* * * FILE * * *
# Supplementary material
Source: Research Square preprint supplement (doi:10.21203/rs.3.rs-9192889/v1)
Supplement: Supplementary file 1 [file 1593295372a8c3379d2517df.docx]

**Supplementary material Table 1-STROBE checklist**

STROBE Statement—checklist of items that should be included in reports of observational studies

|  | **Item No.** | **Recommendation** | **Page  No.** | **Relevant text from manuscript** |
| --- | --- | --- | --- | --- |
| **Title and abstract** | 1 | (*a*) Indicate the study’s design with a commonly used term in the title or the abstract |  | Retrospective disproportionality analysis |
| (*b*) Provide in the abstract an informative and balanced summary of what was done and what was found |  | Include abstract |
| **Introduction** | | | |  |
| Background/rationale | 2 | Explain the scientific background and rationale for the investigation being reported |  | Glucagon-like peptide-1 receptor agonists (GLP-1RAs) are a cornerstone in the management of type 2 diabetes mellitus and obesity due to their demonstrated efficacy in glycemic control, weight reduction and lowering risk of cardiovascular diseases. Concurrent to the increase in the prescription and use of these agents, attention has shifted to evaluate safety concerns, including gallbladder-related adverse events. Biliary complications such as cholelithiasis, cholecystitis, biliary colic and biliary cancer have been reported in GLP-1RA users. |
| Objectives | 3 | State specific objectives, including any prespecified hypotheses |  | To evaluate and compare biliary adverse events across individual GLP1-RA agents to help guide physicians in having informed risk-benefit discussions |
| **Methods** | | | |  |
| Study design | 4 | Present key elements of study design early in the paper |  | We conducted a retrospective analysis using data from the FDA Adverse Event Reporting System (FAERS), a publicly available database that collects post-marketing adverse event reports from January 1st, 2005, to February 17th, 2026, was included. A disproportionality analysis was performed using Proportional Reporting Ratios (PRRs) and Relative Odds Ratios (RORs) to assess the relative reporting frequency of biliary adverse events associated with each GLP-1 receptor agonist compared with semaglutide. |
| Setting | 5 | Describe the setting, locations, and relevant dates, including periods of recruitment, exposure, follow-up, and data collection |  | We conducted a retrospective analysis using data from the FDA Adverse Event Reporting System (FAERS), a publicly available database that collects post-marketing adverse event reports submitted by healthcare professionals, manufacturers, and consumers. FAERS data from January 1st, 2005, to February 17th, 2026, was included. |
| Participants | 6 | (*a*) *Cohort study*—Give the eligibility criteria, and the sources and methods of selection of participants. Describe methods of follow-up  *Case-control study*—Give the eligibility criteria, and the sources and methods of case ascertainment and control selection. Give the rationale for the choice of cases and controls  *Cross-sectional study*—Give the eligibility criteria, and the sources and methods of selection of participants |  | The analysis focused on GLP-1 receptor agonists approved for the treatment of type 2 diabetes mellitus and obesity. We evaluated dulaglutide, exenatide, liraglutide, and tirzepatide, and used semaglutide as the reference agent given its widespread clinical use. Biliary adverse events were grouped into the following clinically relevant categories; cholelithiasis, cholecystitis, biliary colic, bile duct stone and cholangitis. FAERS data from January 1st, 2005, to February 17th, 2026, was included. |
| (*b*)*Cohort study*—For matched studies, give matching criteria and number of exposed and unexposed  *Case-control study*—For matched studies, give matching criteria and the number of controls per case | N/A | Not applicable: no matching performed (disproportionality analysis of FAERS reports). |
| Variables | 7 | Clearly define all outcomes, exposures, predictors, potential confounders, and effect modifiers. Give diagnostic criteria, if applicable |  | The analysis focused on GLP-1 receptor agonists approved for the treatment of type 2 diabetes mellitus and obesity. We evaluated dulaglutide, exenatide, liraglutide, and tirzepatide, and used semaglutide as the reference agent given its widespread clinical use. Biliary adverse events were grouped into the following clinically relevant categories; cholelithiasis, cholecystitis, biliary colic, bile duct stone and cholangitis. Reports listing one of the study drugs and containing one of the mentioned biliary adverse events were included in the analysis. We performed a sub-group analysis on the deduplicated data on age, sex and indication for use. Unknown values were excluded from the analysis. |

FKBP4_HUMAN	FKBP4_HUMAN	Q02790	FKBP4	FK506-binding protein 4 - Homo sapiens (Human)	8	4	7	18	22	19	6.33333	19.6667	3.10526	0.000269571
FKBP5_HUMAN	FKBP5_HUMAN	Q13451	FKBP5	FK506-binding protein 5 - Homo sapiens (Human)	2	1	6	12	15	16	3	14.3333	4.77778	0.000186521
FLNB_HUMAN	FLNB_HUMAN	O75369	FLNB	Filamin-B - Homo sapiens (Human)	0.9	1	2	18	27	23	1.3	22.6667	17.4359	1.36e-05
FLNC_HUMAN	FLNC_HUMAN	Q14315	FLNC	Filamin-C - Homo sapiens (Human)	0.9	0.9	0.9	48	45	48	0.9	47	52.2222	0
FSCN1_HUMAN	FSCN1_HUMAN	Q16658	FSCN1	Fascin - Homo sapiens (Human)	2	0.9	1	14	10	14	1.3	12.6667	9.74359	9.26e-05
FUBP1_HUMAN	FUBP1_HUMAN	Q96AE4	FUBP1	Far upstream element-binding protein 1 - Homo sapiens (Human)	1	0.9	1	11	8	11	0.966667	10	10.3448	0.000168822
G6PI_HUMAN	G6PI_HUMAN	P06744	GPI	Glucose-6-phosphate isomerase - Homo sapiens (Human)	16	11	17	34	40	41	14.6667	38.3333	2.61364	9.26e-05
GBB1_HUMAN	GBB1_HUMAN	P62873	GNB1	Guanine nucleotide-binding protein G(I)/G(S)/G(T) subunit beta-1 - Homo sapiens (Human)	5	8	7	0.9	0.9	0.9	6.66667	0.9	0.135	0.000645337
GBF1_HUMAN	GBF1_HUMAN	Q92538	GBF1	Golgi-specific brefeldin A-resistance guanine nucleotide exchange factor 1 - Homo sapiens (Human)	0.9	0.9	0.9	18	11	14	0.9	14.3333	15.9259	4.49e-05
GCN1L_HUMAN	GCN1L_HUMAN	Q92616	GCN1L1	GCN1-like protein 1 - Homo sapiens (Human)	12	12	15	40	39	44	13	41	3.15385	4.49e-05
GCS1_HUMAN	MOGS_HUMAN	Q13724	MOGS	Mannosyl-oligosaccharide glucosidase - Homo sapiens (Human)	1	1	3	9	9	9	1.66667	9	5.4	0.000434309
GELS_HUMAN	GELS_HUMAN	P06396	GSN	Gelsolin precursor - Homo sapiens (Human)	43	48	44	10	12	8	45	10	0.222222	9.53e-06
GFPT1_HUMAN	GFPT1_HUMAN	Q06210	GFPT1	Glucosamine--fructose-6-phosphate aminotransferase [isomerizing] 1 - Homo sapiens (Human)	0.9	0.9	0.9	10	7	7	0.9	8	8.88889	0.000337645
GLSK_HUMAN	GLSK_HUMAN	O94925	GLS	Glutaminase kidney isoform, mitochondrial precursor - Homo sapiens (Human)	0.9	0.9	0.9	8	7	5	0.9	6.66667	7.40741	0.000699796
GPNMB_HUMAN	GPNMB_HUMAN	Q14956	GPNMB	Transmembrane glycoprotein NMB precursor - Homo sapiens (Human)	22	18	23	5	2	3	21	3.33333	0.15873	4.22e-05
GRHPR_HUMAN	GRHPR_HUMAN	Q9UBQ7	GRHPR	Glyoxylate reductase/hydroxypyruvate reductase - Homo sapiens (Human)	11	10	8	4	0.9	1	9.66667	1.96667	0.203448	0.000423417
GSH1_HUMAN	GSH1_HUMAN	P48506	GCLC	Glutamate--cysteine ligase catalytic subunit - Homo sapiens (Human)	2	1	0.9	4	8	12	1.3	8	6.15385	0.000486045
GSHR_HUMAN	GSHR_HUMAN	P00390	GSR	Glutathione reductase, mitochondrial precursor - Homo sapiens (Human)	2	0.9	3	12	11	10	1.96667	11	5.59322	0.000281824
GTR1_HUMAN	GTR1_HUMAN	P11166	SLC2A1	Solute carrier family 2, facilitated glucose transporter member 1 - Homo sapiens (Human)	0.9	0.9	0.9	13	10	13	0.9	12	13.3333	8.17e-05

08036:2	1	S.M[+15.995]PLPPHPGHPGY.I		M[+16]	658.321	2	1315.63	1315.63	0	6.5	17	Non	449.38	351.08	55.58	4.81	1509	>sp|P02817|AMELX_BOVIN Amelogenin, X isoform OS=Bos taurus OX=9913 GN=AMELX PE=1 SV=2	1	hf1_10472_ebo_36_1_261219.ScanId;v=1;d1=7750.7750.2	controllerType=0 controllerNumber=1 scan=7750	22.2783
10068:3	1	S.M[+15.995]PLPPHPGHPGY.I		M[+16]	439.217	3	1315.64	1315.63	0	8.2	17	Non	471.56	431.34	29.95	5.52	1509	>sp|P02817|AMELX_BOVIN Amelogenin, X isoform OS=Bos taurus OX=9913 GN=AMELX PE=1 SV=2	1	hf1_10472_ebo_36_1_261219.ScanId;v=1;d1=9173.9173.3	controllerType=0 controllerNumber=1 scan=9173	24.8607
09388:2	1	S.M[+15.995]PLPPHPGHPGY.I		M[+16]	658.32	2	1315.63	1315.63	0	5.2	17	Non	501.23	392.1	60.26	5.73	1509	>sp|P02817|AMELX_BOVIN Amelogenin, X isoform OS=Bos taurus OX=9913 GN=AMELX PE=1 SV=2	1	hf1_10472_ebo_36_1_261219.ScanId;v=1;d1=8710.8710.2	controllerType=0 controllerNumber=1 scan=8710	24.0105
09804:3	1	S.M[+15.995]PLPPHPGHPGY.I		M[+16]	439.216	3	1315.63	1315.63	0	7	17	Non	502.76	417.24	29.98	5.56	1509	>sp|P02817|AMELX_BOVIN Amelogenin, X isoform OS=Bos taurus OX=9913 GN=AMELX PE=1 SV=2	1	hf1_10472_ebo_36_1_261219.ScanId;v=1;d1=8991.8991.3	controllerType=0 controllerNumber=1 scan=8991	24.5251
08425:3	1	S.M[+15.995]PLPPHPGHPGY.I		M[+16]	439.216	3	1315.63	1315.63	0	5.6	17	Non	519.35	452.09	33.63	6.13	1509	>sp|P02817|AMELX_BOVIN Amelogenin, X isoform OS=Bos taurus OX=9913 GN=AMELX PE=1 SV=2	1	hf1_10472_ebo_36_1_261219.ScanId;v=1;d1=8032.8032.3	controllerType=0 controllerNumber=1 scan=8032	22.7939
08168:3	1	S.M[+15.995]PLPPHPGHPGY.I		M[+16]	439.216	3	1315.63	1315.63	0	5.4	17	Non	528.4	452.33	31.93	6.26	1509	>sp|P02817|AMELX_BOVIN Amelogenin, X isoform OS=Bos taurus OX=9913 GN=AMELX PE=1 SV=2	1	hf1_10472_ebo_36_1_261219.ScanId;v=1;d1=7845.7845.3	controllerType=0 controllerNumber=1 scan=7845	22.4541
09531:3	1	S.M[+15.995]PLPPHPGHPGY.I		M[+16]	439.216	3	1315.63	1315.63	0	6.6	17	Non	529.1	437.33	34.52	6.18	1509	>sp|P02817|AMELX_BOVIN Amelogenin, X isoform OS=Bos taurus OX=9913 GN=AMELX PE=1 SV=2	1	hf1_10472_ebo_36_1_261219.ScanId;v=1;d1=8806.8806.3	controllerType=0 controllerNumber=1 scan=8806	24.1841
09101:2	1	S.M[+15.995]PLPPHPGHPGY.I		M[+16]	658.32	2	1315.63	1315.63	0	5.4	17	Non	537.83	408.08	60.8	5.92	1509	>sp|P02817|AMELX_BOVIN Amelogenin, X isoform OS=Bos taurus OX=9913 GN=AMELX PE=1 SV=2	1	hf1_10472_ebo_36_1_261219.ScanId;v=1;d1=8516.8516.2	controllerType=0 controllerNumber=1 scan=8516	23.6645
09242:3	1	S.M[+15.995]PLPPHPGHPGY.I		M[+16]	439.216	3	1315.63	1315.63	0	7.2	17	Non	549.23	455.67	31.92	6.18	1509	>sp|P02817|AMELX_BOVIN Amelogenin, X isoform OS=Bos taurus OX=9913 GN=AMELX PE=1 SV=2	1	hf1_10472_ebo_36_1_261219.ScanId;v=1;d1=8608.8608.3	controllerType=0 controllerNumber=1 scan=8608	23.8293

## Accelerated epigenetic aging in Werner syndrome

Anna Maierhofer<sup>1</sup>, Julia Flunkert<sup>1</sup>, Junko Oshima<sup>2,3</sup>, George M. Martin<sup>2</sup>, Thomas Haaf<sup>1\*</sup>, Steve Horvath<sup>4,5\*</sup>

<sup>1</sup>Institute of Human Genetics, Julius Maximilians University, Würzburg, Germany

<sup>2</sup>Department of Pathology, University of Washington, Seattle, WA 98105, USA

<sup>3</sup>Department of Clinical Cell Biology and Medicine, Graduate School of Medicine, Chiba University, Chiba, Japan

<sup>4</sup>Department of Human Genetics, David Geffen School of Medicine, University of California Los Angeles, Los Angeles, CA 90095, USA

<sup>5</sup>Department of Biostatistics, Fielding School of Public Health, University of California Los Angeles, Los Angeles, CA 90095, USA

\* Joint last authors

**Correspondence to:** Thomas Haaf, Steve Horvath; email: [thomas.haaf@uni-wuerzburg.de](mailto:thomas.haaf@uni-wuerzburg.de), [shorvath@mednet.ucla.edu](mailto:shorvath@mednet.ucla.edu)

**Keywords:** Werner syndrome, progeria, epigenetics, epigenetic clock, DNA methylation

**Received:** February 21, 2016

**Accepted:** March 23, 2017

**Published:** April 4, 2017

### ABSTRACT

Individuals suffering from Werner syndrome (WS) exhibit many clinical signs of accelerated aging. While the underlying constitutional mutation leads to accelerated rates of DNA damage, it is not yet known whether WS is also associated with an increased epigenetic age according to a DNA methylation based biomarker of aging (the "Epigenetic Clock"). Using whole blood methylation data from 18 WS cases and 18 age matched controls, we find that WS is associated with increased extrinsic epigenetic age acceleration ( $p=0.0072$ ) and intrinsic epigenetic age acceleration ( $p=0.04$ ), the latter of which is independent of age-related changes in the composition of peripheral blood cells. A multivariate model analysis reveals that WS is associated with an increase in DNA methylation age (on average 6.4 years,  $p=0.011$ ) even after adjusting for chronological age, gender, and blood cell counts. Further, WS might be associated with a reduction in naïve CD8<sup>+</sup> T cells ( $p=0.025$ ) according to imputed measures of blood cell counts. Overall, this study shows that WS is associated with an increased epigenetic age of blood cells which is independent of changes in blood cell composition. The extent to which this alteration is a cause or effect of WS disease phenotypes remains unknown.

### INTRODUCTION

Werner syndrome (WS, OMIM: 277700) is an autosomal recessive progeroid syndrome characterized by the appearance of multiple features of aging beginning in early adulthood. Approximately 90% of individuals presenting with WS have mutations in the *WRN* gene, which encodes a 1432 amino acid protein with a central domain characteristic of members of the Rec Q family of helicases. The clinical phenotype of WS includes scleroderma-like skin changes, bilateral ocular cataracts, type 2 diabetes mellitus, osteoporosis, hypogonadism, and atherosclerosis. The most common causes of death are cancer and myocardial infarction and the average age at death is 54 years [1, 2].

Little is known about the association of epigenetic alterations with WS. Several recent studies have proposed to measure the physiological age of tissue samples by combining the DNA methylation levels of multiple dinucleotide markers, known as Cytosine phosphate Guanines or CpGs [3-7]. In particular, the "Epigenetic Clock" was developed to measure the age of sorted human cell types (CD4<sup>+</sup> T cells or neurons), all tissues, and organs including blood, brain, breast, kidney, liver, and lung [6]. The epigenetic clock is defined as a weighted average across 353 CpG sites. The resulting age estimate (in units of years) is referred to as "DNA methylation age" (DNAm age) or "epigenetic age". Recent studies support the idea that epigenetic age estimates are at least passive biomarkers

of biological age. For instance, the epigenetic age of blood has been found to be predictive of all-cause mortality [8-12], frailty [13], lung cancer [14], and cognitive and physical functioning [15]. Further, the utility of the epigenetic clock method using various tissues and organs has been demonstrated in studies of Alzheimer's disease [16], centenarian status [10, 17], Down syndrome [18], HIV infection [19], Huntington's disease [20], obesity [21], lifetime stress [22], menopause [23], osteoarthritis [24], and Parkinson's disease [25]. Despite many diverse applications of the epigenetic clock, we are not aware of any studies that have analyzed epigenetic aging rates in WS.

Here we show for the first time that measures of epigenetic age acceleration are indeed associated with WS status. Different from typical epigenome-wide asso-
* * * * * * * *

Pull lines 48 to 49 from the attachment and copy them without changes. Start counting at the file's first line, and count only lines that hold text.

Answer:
Anna Maierhofer<sup>1</sup>, Julia Flunkert<sup>1</sup>, Junko Oshima<sup>2,3</sup>, George M. Martin<sup>2</sup>, Thomas Haaf<sup>1\*</sup>, Steve Horvath<sup>4,5\*</sup>

<sup>1</sup>Institute of Human Genetics, Julius Maximilians University, Würzburg, Germany